John Tierney, in another great article in Science Times. "The Future is Now? Pretty Soon, at Least", includes energy predictions from scientist Ray Kurzweil, "Solar power may look terribly uneconomical at the moment, but with the exponential progress being made in nanoengineering, Dr. Kurzweil calculates that it'll be cost-competitive with fossil fuels in just five years, and that within 20 years all our energy will come from clean sources."

We have heard similar predictions before, but now oil over $100 a barrel is deploying billions of smart investment dollars into both alternative energy and new oil exploration and drilling. Billions of dumb investment dollars are flowing too, with government subsidies and tax credits pushing wind power, ethanol, and other projects that distort markets and wasting scarce resources.

Solar and hydro power are another matter. Some solar installations spend millions to physically move solar panels to follow the sun across the sky. But new solar membranes will grab all solar radiation from all angles and wavelengths, transforming them to electricity. The race along dozens of separate solar technology pathways will decentralize and localize solar power. Just as computing innovations brought low-cost, high-power computers into the home (and five into my home), low-cost, high-efficiency solar technologies will feed better, cleaner power into home electronics and soon, into plug-in hybrids and all-electric cars.

Just five years? Well, five years for solar energy to be cost competitive. Another five to ten for wide distribution of local and home-based solar technologies and significant percentages of plug-in cars. I live in Seattle, and if the climate here keeps cooling, solar for us will be further in the future. (It snowed here last week!)

Bloomberg reports yet another large oil discovery in Brazil. With the Saudi's agreement to increase output, new output due soon from Iraq, and increases from many other sources, the question is whether deep and expensive oil from Brazil will come on-stream in time to sell at high prices. The answer may be yes, since expensive and sophisticated solar, hydro, and nuclear installations that will be widespread in the U.S., Japan, and Western Europe may stay out-of-reach for most of China, India, and Latin America.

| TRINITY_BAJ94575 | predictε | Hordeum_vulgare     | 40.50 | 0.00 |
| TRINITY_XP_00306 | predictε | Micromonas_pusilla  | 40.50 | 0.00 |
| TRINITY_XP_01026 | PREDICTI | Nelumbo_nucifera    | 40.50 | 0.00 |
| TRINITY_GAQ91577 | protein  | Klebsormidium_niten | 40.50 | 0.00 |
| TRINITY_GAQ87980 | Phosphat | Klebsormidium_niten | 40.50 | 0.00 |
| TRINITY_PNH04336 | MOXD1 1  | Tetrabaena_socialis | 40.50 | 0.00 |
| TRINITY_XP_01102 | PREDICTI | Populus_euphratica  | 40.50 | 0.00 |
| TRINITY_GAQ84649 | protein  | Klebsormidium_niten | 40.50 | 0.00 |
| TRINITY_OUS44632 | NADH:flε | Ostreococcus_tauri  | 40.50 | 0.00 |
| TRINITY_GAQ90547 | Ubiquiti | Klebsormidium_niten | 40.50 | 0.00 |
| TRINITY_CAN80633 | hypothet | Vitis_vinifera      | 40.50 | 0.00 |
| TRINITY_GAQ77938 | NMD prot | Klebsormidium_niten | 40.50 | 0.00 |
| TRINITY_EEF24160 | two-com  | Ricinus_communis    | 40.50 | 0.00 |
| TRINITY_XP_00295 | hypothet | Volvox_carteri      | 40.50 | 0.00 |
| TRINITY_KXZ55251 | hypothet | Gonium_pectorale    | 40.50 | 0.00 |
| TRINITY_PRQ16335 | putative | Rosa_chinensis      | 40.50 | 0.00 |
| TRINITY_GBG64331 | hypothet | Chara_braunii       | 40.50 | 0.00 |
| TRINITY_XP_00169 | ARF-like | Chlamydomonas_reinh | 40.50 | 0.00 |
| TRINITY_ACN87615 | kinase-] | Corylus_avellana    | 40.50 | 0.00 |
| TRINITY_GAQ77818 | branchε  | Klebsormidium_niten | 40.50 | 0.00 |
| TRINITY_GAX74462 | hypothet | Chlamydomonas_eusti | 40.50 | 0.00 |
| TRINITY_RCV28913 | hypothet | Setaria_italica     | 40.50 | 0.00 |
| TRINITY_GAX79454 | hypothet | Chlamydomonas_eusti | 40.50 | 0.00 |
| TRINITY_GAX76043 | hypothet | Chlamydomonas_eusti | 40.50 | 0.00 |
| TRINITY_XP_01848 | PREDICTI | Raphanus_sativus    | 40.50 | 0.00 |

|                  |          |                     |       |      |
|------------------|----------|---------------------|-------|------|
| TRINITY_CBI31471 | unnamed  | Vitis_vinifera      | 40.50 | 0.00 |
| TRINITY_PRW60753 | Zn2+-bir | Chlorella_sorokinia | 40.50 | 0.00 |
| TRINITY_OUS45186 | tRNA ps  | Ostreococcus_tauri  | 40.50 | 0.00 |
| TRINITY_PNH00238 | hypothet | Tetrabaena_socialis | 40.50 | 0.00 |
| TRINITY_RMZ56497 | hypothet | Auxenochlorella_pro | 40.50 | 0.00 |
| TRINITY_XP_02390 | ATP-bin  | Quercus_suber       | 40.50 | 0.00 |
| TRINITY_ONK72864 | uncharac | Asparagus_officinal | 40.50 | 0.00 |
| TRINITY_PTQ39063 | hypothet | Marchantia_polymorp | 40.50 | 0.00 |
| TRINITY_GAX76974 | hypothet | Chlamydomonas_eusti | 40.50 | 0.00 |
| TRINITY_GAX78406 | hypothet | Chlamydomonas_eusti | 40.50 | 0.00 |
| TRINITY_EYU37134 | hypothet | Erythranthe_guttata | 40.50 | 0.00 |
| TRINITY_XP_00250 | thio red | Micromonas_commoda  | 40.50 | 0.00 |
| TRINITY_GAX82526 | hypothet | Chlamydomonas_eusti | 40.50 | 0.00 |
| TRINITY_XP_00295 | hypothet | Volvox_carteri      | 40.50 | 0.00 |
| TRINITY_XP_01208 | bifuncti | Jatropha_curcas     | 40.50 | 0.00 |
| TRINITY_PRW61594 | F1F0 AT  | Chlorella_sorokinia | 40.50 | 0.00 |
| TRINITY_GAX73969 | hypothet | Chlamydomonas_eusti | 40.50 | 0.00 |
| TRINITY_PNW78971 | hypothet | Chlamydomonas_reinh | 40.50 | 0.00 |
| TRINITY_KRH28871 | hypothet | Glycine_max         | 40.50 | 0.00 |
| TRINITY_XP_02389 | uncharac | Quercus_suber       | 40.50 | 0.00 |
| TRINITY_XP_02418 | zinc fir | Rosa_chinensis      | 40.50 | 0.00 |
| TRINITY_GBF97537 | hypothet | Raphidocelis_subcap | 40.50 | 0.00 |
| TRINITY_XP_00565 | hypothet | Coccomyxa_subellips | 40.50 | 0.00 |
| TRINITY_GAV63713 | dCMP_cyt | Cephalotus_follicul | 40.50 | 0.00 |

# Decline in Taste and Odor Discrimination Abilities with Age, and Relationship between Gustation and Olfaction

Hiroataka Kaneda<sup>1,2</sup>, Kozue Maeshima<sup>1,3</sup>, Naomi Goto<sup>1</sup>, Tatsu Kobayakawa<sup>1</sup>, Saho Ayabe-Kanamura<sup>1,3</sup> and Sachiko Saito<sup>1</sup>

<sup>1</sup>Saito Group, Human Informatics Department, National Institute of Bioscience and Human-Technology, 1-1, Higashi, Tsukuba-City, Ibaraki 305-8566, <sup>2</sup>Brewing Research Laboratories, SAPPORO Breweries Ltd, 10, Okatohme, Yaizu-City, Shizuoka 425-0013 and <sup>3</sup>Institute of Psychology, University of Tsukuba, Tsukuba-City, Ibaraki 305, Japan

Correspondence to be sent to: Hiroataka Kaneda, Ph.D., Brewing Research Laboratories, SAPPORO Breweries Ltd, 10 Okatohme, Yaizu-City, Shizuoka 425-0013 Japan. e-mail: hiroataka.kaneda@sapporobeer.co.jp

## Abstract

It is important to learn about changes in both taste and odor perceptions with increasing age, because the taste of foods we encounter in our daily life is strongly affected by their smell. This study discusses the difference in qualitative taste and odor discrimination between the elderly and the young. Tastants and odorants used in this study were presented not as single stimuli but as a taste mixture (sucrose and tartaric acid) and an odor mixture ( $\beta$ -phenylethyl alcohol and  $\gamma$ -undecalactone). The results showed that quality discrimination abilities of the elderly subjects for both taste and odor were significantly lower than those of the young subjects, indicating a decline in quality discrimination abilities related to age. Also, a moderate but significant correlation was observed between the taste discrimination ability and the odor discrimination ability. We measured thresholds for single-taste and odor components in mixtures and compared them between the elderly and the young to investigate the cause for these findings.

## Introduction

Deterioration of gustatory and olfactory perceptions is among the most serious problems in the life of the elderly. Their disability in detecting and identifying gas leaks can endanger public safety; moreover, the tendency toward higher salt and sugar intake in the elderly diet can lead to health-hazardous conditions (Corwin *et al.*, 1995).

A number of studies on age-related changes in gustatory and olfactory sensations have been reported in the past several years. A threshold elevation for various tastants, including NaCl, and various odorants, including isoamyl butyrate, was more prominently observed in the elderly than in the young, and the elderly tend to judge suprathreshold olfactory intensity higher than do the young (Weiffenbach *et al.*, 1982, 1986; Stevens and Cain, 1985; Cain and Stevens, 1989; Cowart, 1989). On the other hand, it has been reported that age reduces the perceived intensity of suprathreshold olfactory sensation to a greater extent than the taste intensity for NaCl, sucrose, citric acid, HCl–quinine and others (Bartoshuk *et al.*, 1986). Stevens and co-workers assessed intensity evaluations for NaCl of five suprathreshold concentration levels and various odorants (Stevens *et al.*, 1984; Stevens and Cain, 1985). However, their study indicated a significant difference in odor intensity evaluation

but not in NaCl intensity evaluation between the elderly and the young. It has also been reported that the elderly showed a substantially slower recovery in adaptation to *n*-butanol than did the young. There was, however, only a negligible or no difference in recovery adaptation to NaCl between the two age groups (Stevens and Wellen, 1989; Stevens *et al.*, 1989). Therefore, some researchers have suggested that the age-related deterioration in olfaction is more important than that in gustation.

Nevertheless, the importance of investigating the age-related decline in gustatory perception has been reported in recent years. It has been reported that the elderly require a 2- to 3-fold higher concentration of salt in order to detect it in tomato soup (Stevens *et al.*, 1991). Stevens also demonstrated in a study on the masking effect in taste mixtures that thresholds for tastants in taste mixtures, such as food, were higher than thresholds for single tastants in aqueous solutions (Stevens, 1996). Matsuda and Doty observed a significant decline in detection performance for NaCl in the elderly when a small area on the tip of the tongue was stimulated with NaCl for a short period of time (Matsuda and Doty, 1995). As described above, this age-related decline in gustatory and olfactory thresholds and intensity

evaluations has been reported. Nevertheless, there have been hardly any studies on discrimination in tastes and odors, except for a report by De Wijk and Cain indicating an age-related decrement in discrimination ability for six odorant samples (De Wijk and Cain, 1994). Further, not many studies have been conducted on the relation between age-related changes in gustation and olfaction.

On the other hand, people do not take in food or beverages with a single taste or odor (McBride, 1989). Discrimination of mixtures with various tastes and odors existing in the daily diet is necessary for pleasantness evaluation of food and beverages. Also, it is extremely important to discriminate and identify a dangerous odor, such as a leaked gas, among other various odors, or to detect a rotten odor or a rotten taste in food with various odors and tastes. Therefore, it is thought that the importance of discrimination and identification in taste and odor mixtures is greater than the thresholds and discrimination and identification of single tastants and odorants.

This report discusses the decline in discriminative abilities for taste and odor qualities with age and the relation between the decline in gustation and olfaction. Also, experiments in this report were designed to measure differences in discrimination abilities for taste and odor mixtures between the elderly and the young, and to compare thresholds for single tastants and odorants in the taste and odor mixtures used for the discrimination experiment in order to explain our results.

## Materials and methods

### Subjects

But once the billions of dollars have been spent on deep sea drilling and build-out of infrastructure, well, these sunk costs will be twice sunk. Just as billions spent to build homes now empty, or billions spent earlier on fiber-optic cables long dark, this boom-time infrastructure can serve future consumers, if not current investors.

My short-term prediction is half-price oil within six months. I figure the current President or the next is likely to release Strategic Oil Reserves after announcing we have an extra supply, thanks to major foreign policy successes. The current President can claim stability in Iraq makes the world safer and less in need or extra-large U.S. oil reserves. The next President can claim that vast reserves of high-quality oil available free to the military would encourages foreign adventures. Plus pundits can claim the reserve was a plot by a President too-friendly with oil companies, to help his oil buddies. Whatever cover is offered, releasing a hundred million barrels would push prices down and make politicians popular. The strategy may be to wait until new drilling is approved in the U.S. and off-shore, before releasing reserves that in a few years, with higher domestic supplies, will seem as necessary.

As for hydro power, the key insight is that water is a lot heavier than air, and flows downhill all the time while wind blows only some of the time. Unfortunately, private property rights don't exist for U.S. rivers and streams. State and Federal government claim authority to mismanage these resources, so private firms are both unable to restore salmon runs and habitats, and unable to generate safe and clean power from fish-friendly, in-stream turbines.

HydroVolts, a "Micro-Hydropower" company, offers "Hydrokinetic Turbines" for generating energy from modest stream and irrigation flows (the only flows sometimes privately managed). The turbines float from anchors and generate power from river or tidal flows. A proposed 16 MW tidal power project for Tacoma Narrows was not approved, but the technology works well for smaller rivers and streams. Right now though, lack of property rights frustrate most efforts to deploy this technology.

At least with solar power, government are less able to regulate or block the sun (much to the the dismay of candle makers both in France and the U.S.).





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